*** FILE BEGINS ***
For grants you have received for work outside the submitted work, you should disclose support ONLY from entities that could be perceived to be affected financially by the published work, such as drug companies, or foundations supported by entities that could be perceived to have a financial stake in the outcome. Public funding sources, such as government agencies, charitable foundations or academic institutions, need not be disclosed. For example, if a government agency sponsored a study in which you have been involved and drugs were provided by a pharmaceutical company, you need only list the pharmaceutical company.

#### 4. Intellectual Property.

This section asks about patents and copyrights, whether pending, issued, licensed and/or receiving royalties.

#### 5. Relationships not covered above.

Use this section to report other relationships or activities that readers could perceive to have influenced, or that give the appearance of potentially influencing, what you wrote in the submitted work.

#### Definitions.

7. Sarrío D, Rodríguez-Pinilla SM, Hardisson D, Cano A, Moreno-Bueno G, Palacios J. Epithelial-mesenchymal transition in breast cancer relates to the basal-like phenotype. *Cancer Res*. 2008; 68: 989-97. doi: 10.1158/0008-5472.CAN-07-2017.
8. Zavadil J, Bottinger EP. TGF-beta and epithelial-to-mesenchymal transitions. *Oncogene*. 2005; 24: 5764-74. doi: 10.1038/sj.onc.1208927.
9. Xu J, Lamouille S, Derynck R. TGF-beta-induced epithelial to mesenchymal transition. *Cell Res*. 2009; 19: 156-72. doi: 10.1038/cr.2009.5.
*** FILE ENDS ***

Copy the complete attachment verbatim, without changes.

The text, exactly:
For grants you have received for work outside the submitted work, you should disclose support ONLY from entities that could be perceived to be affected financially by the published work, such as drug companies, or foundations supported by entities that could be perceived to have a financial stake in the outcome. Public funding sources, such as government agencies, charitable foundations or academic institutions, need not be disclosed. For example, if a government agency sponsored a study in which you have been involved and drugs were provided by a pharmaceutical company, you need only list the pharmaceutical company.

#### 4. Intellectual Property.

This section asks about patents and copyrights, whether pending, issued, licensed and/or receiving royalties.

#### 5. Relationships not covered above.

Use this section to report other relationships or activities that readers could perceive to have influenced, or that give the appearance of potentially influencing, what you wrote in the submitted work.

#### Definitions.

7. Sarrío D, Rodríguez-Pinilla SM, Hardisson D, Cano A, Moreno-Bueno G, Palacios J. Epithelial-mesenchymal transition in breast cancer relates to the basal-like phenotype. *Cancer Res*. 2008; 68: 989-97. doi: 10.1158/0008-5472.CAN-07-2017.
8. Zavadil J, Bottinger EP. TGF-beta and epithelial-to-mesenchymal transitions. *Oncogene*. 2005; 24: 5764-74. doi: 10.1038/sj.onc.1208927.
9. Xu J, Lamouille S, Derynck R. TGF-beta-induced epithelial to mesenchymal transition. *Cell Res*. 2009; 19: 156-72. doi: 10.1038/cr.2009.5.